The high levels of pollution in Lake Nakuru have been the greatest challenge in the search of remains of three victims of a campaign helicopter crash on October 21.
For the last 17 days that the search has been going on, the recovery team has had to endure hours in extremely dirty water and silt, which has frustrated their efforts to locate and retrieve the bodies.
The high levels of raw sewage mixed with water has not made things any lighter for divers manoeuvring the otherwise shallow lake.
Even the fuselage of the ill-fated chopper is yet to be traced in the lake, more than two weeks after the crash.
So far, only two bodies and a few fragments of the chopper have been retrieved. The two have since been buried.
The high pollution has put the county government of Nakuru on the spot on waste management.
The lake is situated inside one of the premium parks in the country, which is home to up to 50 mammal species and more than 450 birds species both in water and dry land.
According to one of the divers, the water is also soapy, making it difficult to see through the water.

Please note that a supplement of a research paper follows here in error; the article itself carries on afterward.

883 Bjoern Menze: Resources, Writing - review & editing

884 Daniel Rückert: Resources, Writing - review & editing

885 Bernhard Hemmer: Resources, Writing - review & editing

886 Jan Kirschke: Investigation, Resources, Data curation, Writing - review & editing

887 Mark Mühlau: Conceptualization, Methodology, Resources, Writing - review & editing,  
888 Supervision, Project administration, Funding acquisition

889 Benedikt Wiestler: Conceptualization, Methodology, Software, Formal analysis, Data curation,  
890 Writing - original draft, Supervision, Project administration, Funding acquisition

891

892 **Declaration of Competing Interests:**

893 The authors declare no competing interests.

"When you rub your hands after getting into contact with the water you are able to produce foam," he said.
On the 17th day of the search on Monday, nothing was recovered, even as families of the victims waited by the shores hopeful.
The Nation team came across dead fish on the shores, perhaps evidence of the effects of the pollution on fauna.
Before the ban of plastic bags that took effect in August, more than 24 tons of plastic waste was collected in the park annually, often swept in by the sewage from the neighbouring communities.
About 27 per cent of Nakuru is connected to the sewer system.
Hopes of a good report were rekindled on Saturday after the retrieval of clothes, shoes and identification documents belonging to Mr John Mapozi, one of the occupants of the chopper.
The National Disaster Operation Centre desk officer Jonathan Kertich on Monday promised that the operation, although resource consuming, would not stop until it yields results.
A study conducted in the lake one year ago showed that the sewage waste has changed the pH of water from 5.86 to 7, making it unsuitable for wildlife.
This is in addition to the silt and high salinity of the water.
The search team comprises divers from Kenya Navy, the Ministry of Livestock and Fisheries, Bomet County Government, the Sonko Rescue Team and private diver groups from Mombasa and Naivasha.